Faith groups should practise their responses to disasters like London's Grenfell Tower fire, according to a new report released this week.

The report, written by Amy Plender of UK-based thinktank Theos, looked at what role faith communities played in the aftermath of the Grenfell Tower fire in London last June. At least 70 people were killed in the fire which broke out on 14th June last year in a 24 storey residential tower in North Kensington.

Grenfell report cover

Cover of the report.

Based on interviews with more than 30 people including those from faith groups, statutory groups and emergency services, it showed how faith groups - which included representatives of the Anglican, Methodist, Catholic, Pentecostal, charismatic, and Free Churches as well as of Muslim, Jewish, and Sikh groups, and local and national faith-based charities - played a key role in the response including opening up facilities to those in need of accommodation, supporting emergency services, providing counselling and meals as well as providing spaces for prayer and reflection and hosting interfaith services of memorial and lament.

The report found faith communities were only able to play this role because they were trusted by the communities in which they were embedded, had a long-standing history within those communities and were "committed" to both their faith and the community.

"This resulted in a valuable combination: of having invested sufficiently in their localities to the effect that they owned and ran buildings and facilities and also of preaching and practicing an ethos of openness and hospitality to those in need, which meant they could open those buildings and use those facilities for those who needed them," Elizabeth Oldfield, the director of Theos, wrote in the report's foreword.

"As a result, they were able to respond to the needs of the moment: not perfectly perhaps – as noted, there is no such thing as a ‘perfect’ response to such an event – but rapidly, compassionately and holistically."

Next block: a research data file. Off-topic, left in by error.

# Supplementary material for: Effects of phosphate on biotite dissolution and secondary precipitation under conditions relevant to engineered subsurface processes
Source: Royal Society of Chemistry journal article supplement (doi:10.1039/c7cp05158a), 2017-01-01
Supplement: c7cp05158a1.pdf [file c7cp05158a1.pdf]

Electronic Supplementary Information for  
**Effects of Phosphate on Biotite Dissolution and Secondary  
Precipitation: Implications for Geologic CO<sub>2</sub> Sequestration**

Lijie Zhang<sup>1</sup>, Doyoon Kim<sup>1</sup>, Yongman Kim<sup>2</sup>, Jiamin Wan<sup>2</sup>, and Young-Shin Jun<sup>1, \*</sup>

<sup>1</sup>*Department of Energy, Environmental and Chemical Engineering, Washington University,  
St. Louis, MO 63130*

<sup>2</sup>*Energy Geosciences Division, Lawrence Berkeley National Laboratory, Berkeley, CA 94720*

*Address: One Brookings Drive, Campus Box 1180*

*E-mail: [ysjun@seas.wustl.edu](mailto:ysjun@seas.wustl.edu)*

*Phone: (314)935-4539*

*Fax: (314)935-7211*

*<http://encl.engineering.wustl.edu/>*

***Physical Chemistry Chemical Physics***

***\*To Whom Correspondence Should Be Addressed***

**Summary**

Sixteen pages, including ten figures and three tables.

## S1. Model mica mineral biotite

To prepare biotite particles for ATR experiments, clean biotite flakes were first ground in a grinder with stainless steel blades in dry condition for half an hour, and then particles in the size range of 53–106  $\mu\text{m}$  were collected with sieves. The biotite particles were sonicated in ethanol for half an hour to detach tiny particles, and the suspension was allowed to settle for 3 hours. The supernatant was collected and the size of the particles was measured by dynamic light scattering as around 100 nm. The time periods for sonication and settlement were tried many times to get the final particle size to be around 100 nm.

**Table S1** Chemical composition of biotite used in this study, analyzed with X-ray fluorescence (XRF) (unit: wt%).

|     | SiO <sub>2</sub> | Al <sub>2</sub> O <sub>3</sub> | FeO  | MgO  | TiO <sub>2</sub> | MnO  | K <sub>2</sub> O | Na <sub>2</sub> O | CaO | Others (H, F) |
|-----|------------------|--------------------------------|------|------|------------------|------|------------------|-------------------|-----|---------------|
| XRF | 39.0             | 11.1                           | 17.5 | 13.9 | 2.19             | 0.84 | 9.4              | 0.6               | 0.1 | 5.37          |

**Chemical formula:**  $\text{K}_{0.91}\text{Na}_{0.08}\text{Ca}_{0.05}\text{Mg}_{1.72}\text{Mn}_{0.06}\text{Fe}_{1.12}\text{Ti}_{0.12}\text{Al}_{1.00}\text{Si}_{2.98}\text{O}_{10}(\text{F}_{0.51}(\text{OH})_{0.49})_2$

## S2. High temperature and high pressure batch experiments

Ms Plender wrote in the report that while disasters such as Grenfell "would always be traumatic and stressful, and impossible ever to prepare for fully", interviewees had emphasised the "importance of community cohesion as enabling the best possible response".

"To this end, we heard of the necessity of faith groups practising their responses, being prepared to use their available networks of staff, volunteers, and neighbours to the best of their ability, as well as developing new friendships with other local faith and voluntary groups," she wrote.

Some interviewees also thought it was "vital" that faith groups be included in local authority contingency planning and that having uniforms or identity markers for members of faith groups was important "both to make oneself available to help, and as a sign of solidarity with the community in crisis".

Those interviewed also emphasised that faith groups needed to be flexible including being prepared to accept offers of help, and to be able to offer "person-centred and religiously sensitive pastoral care, especially to people outside their usual faith group".

"We also heard how financial donations, rather than physical, can be most helpful in funding the long-term response, and in ensuring there is no ‘full-stop’ to the support a faith group can offer its community."

Ms Plender said that while there were no "glib 'silver linings'" to a situation like Grenfell, there were some "small but significant signs of hope" including that Grenfell "could start a wider conversation about the role of faith communities in Britain today, what they can bring to society, and who should take the lead in responding to a crisis".